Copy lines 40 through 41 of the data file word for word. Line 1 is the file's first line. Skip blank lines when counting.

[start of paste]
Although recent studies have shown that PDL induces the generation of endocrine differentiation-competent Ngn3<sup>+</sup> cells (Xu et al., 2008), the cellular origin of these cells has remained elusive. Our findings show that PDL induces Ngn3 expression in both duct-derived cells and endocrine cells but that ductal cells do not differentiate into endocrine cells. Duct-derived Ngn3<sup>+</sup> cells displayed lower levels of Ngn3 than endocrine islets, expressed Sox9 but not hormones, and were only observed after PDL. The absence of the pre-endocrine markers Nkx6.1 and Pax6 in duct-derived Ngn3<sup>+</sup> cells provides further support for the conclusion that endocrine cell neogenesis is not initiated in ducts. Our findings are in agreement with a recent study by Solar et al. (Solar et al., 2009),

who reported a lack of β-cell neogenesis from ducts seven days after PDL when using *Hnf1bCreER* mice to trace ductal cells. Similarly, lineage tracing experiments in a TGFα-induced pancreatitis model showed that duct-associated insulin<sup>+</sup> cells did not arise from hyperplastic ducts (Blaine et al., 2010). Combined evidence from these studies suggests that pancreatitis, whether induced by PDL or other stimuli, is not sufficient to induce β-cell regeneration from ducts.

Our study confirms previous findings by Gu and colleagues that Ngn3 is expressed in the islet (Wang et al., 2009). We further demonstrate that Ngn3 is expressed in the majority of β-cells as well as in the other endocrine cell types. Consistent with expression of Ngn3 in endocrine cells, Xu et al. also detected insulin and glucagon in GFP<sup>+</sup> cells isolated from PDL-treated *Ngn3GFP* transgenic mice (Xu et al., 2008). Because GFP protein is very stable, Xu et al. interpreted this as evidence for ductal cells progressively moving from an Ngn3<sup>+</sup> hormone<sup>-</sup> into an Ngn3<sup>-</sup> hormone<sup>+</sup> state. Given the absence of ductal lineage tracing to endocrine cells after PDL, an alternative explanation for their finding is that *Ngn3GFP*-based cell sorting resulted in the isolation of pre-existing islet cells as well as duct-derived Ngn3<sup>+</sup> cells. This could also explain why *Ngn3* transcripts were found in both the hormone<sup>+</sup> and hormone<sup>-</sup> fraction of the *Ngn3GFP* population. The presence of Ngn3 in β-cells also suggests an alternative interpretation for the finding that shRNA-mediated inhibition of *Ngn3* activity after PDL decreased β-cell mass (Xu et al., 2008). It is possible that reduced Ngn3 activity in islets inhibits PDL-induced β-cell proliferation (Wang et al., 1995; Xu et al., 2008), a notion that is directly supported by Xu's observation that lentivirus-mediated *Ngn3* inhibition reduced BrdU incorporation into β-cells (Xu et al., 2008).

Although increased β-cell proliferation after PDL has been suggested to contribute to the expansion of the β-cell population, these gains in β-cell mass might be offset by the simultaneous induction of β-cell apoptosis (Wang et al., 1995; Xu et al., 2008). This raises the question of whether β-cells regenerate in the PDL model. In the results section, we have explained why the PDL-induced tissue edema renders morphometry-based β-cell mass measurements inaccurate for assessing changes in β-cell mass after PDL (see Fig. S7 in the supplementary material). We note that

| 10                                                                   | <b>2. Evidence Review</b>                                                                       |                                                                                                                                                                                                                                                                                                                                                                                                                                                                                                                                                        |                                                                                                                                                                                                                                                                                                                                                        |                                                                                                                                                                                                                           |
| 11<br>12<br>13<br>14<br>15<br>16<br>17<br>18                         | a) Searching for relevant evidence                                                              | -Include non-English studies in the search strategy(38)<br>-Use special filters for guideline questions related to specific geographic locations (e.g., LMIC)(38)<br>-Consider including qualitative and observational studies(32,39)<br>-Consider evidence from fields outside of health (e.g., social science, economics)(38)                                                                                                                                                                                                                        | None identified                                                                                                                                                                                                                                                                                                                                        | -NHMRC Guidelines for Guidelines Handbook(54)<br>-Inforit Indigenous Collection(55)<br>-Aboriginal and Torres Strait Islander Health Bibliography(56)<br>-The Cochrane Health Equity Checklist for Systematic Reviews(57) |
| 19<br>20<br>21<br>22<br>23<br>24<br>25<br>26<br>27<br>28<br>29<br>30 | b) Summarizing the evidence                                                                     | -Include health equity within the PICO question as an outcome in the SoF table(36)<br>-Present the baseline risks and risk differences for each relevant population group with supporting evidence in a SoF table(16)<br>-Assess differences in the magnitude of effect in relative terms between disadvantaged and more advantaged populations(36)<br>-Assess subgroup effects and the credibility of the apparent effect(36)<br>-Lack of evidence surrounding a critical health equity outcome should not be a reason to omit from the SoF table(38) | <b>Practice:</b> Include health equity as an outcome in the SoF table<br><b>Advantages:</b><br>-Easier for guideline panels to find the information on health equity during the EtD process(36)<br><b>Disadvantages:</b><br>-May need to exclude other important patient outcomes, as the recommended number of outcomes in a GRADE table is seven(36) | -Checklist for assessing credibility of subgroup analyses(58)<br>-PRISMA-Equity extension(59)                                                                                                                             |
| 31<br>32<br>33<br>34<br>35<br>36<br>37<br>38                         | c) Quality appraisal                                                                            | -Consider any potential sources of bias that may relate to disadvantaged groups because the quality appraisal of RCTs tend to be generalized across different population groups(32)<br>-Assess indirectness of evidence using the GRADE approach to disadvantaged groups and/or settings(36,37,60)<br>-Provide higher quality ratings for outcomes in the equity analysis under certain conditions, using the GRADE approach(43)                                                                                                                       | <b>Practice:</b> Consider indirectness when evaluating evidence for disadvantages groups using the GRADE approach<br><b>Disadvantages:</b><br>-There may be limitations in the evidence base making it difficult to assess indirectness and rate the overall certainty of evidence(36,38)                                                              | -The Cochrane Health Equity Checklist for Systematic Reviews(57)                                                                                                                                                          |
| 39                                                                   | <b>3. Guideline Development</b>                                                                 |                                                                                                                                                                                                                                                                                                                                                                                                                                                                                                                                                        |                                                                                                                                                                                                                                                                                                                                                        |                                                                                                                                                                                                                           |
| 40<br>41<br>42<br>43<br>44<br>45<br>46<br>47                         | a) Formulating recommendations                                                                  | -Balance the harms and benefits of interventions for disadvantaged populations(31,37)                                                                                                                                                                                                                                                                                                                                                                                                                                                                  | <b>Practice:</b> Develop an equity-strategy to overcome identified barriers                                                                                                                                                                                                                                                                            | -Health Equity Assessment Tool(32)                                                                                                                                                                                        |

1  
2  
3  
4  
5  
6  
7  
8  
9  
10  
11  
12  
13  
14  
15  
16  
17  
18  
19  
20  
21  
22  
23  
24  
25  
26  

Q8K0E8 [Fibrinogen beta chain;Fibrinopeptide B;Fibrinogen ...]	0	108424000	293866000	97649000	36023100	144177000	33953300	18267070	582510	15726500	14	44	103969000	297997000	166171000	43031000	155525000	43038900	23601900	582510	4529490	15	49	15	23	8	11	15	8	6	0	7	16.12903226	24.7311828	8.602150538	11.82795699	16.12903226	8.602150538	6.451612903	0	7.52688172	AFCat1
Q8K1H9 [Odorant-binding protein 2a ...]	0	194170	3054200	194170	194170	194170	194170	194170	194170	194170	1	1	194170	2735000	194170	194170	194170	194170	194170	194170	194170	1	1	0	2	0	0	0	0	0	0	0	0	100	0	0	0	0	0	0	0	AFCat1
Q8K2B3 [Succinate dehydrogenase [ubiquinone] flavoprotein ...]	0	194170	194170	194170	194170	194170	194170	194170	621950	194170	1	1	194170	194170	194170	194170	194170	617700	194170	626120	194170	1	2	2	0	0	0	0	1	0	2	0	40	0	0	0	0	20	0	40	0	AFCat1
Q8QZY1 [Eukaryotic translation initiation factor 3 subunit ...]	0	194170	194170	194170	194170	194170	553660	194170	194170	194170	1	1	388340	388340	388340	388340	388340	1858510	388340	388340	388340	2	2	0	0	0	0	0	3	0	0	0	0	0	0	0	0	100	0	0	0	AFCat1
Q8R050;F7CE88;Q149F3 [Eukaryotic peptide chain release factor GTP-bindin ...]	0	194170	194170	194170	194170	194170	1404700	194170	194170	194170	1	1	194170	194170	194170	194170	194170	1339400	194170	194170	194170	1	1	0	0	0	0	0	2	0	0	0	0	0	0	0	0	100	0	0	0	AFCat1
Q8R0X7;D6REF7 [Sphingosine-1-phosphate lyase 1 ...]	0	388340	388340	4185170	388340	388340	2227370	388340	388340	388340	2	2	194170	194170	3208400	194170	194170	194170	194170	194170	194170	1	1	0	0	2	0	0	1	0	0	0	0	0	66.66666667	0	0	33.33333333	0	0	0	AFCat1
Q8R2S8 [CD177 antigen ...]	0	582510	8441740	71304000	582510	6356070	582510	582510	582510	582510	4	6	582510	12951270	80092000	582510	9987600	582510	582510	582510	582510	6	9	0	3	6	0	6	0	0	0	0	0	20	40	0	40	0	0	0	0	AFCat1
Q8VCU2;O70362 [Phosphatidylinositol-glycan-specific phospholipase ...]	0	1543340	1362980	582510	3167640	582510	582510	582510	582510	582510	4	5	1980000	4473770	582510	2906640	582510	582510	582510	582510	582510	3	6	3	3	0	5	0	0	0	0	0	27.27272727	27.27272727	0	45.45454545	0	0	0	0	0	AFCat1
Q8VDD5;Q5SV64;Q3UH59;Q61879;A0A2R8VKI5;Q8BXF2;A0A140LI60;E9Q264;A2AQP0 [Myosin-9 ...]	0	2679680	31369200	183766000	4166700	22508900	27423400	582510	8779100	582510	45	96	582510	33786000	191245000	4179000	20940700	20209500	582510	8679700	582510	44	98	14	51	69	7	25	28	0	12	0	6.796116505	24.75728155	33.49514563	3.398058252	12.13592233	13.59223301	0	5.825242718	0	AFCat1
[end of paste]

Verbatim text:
Q8QZY1 [Eukaryotic translation initiation factor 3 subunit ...]	0	194170	194170	194170	194170	194170	553660	194170	194170	194170	1	1	388340	388340	388340	388340	388340	1858510	388340	388340	388340	2	2	0	0	0	0	0	3	0	0	0	0	0	0	0	0	100	0	0	0	AFCat1
Q8R050;F7CE88;Q149F3 [Eukaryotic peptide chain release factor GTP-bindin ...]	0	194170	194170	194170	194170	194170	1404700	194170	194170	194170	1	1	194170	194170	194170	194170	194170	1339400	194170	194170	194170	1	1	0	0	0	0	0	2	0	0	0	0	0	0	0	0	100	0	0	0	AFCat1